A reflection for the Week of Prayer for Christian Unity

By Fr Andrew Hamilton SJ, 15 May 2024
Image: Pedro Lima/Unsplash.


12-19 May is the National Week of Prayer for Christian Unity

The Week of Christian Unity runs against the cultural tide. In our times, all the energy now seems to lie with division – in politics, in religion, in culture and in international relations. 60 years ago the cause of unity was in the ascendant. People were full of hope for the end of the Cold War, the making of peace, the end of hostilities and the reconciliation of differences.

Within the Catholic Church especially, that hope gave great energy to the movement for church unity. Catholics had come relatively slowly to the ecumenical table. The roots of the movement for unity lay in the late 19th Century at a time of vigorous missionary activity by European and American churches. Those involved had begun to realise how far their rivalry and exclusive claims for their own churches weakened their individual efforts. The non-Christians among whom they worked were also deterred by the contradiction observed in people in conflict with one another who preached a Gospel of peace and unity.

The Week for Christian Unity was one of many initiatives aimed at healing the divisions of the past, restoring unity among Christians, and praying and cooperating with one another. Together, they became known as the ecumenical movement. Attitudes towards the movement among church leaders and members were ambivalent: in favour in theory but cautious in practice.

In the Catholic Church, the initial attitude to the ecumenical movement was generally suspicious. It was seen to downplay the vital importance of unity of belief. It risked giving the impression that all churches were equally valid, so failing to recognise that the true Church already existed in the Catholic Church. In the Second Vatican Council, however, disunity among Christians was seen as a scandal, the many elements shared with other churches were recognised, and the urgency of church unity was stressed. Catholic leaders and theologians joined their fellows in other churches in seeking common ground on disputed points of doctrine and practice. Local congregations of different churches prayed together and sought to cooperate on common projects. Roman statements, however, mixed encouragement with fear that differences would be neglected and that many Catholics might believe and act as if all churches were the same.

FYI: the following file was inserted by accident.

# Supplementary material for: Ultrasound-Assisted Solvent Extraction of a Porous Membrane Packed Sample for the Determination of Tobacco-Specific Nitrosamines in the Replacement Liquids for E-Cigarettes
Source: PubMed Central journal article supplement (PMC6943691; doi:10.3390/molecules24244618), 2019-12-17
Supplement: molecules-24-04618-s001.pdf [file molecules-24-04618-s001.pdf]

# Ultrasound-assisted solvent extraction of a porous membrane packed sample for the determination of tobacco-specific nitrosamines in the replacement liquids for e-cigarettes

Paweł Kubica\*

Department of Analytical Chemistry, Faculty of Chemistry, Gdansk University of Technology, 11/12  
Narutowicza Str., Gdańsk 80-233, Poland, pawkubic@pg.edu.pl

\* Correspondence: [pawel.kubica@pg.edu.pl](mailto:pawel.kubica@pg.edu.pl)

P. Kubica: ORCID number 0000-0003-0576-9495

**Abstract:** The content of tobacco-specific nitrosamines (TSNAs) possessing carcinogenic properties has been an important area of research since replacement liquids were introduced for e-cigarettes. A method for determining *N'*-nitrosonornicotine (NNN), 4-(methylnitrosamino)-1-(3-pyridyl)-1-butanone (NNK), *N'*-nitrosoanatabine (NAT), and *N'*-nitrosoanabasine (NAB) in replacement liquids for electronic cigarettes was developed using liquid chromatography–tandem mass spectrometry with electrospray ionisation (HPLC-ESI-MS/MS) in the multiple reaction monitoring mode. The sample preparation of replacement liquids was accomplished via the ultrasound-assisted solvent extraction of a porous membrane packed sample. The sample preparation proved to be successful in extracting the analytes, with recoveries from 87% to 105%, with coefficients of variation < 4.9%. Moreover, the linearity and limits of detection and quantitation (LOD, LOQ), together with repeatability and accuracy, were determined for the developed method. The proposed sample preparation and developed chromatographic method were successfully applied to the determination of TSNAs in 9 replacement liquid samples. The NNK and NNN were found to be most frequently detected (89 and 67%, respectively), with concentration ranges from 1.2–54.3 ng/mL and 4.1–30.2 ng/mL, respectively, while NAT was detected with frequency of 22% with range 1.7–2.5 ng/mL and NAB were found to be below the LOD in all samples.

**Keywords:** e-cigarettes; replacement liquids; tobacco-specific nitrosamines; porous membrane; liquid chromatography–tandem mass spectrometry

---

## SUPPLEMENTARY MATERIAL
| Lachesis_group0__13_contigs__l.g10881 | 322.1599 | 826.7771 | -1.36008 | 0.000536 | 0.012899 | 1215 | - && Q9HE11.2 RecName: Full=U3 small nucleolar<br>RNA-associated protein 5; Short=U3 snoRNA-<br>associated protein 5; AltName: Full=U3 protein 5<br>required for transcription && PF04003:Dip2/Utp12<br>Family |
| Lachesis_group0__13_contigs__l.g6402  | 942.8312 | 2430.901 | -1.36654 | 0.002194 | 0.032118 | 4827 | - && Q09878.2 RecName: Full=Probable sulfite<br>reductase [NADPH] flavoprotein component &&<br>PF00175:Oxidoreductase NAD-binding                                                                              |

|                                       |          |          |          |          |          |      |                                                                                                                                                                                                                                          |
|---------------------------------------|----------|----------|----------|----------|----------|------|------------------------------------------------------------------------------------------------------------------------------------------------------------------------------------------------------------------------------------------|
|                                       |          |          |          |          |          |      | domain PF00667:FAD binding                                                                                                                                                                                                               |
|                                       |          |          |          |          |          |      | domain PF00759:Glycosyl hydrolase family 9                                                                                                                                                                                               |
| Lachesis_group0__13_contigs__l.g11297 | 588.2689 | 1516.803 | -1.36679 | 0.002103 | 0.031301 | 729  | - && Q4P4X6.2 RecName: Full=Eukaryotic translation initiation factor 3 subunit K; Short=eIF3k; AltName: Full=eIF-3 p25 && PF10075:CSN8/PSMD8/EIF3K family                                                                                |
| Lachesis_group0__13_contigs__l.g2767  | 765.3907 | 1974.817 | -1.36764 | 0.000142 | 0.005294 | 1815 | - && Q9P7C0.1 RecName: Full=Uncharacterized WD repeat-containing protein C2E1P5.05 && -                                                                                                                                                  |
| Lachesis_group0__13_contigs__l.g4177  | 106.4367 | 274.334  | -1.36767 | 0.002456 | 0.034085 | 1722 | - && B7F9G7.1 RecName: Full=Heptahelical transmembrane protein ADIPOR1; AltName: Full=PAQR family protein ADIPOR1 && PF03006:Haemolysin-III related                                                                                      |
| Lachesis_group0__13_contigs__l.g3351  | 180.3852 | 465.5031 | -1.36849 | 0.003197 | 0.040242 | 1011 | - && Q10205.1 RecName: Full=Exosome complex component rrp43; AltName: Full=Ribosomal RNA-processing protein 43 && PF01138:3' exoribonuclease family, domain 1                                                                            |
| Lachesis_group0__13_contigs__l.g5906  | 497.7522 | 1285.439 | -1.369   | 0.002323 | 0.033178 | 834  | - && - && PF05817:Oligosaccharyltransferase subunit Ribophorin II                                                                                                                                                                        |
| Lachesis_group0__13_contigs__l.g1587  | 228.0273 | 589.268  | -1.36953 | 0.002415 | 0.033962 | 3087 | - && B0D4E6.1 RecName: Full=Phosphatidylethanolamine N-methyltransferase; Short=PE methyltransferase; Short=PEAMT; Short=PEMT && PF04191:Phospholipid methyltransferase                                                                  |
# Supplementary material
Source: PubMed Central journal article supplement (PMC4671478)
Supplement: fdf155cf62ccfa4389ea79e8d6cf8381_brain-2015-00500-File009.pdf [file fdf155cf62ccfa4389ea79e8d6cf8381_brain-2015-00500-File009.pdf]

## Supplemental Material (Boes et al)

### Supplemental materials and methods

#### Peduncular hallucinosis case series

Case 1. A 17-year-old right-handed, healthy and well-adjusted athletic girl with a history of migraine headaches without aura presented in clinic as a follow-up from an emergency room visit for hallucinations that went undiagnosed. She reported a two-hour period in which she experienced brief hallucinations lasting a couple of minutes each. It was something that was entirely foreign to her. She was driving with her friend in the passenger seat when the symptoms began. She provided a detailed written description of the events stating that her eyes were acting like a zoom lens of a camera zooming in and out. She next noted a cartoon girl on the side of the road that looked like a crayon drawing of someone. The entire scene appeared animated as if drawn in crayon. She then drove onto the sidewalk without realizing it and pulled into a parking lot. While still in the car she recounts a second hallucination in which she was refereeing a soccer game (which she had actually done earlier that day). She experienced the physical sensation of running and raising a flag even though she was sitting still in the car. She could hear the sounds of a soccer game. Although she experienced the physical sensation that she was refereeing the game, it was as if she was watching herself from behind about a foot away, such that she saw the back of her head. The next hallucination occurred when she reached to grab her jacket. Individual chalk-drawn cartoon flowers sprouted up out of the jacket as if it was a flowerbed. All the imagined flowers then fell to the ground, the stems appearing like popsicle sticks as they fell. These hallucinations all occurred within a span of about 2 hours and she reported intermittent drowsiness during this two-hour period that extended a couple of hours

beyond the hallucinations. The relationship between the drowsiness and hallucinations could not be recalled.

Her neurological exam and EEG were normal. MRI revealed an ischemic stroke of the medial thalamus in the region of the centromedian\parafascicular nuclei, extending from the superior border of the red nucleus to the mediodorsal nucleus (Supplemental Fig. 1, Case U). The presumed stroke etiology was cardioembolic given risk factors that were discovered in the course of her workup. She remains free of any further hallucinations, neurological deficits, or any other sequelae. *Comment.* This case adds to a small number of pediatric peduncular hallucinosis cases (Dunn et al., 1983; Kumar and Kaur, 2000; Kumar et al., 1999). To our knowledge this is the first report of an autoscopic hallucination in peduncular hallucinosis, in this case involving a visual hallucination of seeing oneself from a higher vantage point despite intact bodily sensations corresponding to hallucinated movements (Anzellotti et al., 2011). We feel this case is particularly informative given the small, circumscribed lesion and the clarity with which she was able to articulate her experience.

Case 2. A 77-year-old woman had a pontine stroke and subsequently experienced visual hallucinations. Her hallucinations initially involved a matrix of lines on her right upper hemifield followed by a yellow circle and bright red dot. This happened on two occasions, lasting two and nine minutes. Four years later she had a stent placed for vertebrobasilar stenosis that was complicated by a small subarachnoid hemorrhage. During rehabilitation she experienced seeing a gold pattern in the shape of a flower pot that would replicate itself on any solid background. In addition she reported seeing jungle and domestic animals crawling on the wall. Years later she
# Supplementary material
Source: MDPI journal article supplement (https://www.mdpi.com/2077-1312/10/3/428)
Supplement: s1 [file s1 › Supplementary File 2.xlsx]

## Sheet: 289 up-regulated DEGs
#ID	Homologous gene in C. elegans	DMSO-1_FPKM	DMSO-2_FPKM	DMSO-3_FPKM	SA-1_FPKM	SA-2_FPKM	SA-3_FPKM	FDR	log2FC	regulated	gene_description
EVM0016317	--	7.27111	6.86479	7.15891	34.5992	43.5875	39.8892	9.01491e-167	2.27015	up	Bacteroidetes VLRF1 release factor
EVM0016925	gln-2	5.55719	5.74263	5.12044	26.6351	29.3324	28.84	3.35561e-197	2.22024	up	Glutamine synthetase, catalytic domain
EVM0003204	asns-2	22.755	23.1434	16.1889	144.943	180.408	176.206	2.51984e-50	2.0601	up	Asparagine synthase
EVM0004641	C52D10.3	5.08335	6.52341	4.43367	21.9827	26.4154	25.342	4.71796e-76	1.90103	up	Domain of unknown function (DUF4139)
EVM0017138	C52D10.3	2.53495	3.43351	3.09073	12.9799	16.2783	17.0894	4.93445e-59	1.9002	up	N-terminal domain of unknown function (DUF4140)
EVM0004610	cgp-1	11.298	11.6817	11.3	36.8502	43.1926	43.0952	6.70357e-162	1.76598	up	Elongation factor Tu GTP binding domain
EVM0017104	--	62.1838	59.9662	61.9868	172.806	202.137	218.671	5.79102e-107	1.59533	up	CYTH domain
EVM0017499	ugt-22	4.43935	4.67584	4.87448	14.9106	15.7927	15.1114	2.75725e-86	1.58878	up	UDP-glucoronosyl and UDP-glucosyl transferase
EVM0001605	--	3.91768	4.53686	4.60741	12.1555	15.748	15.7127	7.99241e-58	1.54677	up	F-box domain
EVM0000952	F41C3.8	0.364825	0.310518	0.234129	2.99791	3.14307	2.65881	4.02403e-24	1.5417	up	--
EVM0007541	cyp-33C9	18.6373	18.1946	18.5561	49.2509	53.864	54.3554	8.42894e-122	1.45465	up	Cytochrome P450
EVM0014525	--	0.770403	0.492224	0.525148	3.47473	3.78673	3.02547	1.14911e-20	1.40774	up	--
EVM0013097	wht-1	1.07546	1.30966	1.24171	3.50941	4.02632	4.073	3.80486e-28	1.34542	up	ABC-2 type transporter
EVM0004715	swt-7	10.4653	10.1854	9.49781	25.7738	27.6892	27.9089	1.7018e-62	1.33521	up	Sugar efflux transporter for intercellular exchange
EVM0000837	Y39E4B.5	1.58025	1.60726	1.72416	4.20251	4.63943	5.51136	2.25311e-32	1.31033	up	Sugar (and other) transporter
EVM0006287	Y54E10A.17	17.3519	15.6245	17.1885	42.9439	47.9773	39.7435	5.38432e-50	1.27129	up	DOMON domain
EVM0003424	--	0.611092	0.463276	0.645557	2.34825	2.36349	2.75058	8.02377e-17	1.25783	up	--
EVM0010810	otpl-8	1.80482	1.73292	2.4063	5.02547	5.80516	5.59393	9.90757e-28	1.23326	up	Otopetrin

More recently, the passion for Christian unity has waned as church congregations have declined, the place of Churches in society has diminished, and Churches have become more preoccupied with their own identity and questions of governance. The Catholic Church, too, has become rightly focused on the reality and response to clerical sexual abuse of children.

For an increasing number of Christians, church allegiance is seen as part of personal history rather than as a commitment to an authoritative tradition. As all churches cope with more limited resources, too, there is less energy or enthusiasm for deepening relationships with other churches.

Pope Francis has challenged that inwards-turned vision of Church. He has encouraged Catholics to go out to the edges of the Catholic Church to engage with disengaged members of the Church, Christians in other Churches, people of all Churches or none, those who suffer from poverty and discrimination, and to all to whom Christ came.

This broad sense of mission invites an ecumenism in which members and congregations of different Churches reach out beyond their doors into the world around them and its needs. That mission will lead to the building of friendships, the enrichment of faith and the moving beyond old prejudices. All these things, of course, are based in faith and prayer.

The Week of Christian Unity remains central in encouraging faith.

You are warmly invited to join the National Council of Churches in Australia (NCCA) for an online lunchtime prayer meeting and reflection based on the 2024 theme “You shall love the Lord your God… and your neighbour as yourself…” (Luke 10:27) on Thursday 16 May at 12.30pm AEST. Register in advance here. After registering, you will receive a confirmation email about how to join the meeting.

Fr Andrew Hamilton SJ writes for Jesuit Communications and Jesuit Social Services.


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